Rattle & Boom: Gloom
Underground Reading: His Own Man by Martha Gellhorn

PK Interview: Fred Venturini (Part 2)

In the first half of our interview with author Fred Venturini, we got him to confess to his reality tv experience and to talk about the American high school experience. He's recently finished a "virtual tour" for The Samaritan, so we put on our marketing hats (they look like this) and asked a few loaded questions about the experience.

The Samaritan


PK: We know you've had quite a busy month of virtual "touring" with over a dozen different blogs around the world. We're the last stop on the tour, so we wanted to give you a chance to share the experience from your perspective.

FV: It’s great, and sort of exhausting. Trying to keep up with all the comments and be engaged, trying to share the reviews and guest posts with people, all while trying to balance work on another master’s degree, a new house, a full time job, you know, a non-writerly lifestyle, it feels like a lot of work. It’s all worth it when you get that one email or friend request from someone you don’t know—you start making those peripheral connections, and that’s when it gets really exciting.

PK: Which is more nerve-wracking: waiting for reviews from professional reviewers or from the scarily-enthusiastic amateurs of the blogging world?

FV: I would say the writers who have put in enough work to get to the point where others are reviewing it should be pretty used to failure. When I was in college, my room at home was wallpapered with rejections (well-deserved ones, by the way). When you let the rejections or negative reviews motivate you, when you accept them as valuable pieces of what you’re trying to achieve, when you digest them as fuel and learn from them, they’re just as thrilling as a glowing review or a big stack of compliments.

I don’t differentiate between “professional” reviewers and the amateur bloggers. Honestly, they’re both well-read, passionate, and I respect their opinions immensely. Is a New York Times review more likely to get clipped and saved, or maybe framed? Yeah, that’s just the way it works. But a typo-ridden, run-on sentence of a review, man, I read it just as carefully, cherishing every sentence—because that’s someone who loves reading, that’s who I want to excite, that’s someone who’s going to tell others about my book.

PK: Just as a sampling process, this has definitely gotten you a dozen very different points of view on The Samaritan. Any positive surprises?

FV: I figured at least one of the reviews would just skewer me. Really. That wasn’t the case. Every person who read and reviewed the work, even if it wasn’t their cup of tea, they complimented the delivery, the writing. So I was surprised at how universal the praise was for that aspect. Pleasant surprise, I might add. And whenever I get a friend request or an email or a Twitter mention from someone I don’t recognize, it’s always like unwrapping a little Christmas present. It was enough to get me (shameless plug alert) to join Twitter, in fact (@fredventurini).

PK: ...and any horror stories?

FV: I wish, a horror story would be entertaining. The closest I can get to a horror story is a young adult website that reviewed the book and complimented the writing, but warned their readers off of the novel, and the comments piled up like, “Yeah, I’m going to pass” and “Nope, this one’s not on my list” and “Not for me.” On the bright side, if the Twilight readers are putting up their noses to my stuff, I can wear that badge with pride. I think I have that YA audience lathered up until page 65 or so, when our little love story takes a turn for the worse.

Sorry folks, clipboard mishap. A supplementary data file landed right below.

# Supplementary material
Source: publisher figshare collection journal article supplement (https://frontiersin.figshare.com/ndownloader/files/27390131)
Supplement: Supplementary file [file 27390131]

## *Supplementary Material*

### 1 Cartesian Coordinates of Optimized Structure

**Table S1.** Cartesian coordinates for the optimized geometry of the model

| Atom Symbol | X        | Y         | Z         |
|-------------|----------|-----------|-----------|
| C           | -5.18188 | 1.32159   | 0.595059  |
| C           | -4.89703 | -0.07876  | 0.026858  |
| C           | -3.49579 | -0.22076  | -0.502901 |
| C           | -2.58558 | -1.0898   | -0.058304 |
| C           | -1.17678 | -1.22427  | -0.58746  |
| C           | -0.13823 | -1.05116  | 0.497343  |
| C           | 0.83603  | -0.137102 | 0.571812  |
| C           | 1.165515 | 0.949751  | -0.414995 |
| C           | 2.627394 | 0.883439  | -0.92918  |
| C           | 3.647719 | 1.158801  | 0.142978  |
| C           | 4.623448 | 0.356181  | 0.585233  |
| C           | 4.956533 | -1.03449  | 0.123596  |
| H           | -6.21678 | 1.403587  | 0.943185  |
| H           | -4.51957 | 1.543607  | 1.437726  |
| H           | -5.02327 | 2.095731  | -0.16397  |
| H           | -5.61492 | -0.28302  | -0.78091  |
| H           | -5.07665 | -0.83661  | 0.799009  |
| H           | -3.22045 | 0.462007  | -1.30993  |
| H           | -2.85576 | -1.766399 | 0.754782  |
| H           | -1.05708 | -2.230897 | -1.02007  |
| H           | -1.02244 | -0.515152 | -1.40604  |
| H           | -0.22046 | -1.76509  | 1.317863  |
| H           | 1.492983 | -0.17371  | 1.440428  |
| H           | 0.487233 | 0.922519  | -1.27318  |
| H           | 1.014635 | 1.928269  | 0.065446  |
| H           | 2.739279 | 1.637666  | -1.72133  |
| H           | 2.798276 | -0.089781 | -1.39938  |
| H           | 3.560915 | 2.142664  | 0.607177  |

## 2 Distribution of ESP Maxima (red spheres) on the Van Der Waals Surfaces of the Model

PK: Playing devil's advocate, do you think has it worked?

FV: Honestly, I don’t know. It’s my first foray into this realm. Time will tell. Although it’s not a matter of whether or not it “worked,” because it sure doesn’t hurt—it’s just a matter of degree of effectiveness. If anything, I have a wide sample of feedback from a big range of readers, it forced me into writing some essays for guest posts, which has me prepared for interviews, and I’m almost certain at least a few people got curious and picked up the book without telling me.

PK: Would you do it again for your second book?

FV: Absolutely, in a nanosecond. If I were Stephen King and selling millions of books, I’d still want to do it. Give me the folks who are writing about reading, free of charge, because they love it, any day of the week. I’ve connected with people that are truly the proof that books will never die, and I don’t want to get away from that if I’m lucky enough to get another novel out there.

PK: And finally... how are the Cubs doing next year?

FV: Little known fact for non-Cubs fans . . . after the opening pitch of opening day, lots of Cubs fans in the stands will turn to each other (or text each other) and say, “Oh well, wait ‘til next year” and smile a little. It’s getting to the point where the curse is bigger than any World Series. No one outside of St. Louis will remember their 2006 championship in a decade or two, but everyone, even non-baseball fans, will remember the Cubs drought. And when it ends? Biggest. Sports. Story. Ever.

And it will miraculously, improbably end in October, 2011. Mark it down. If not, hey, there’s always next year.

PK: Thank you very much for the time. I look forward to the Royals/Cubs World Series this fall.


Mr. Venturini's debut novel, The Samaritan, is out now from Blank Slate Press. You can also find some of his shorter work in collections from Comet Press and others. The first half of our interview was on Monday, and our review of The Samaritan is available here, if you need further convincing.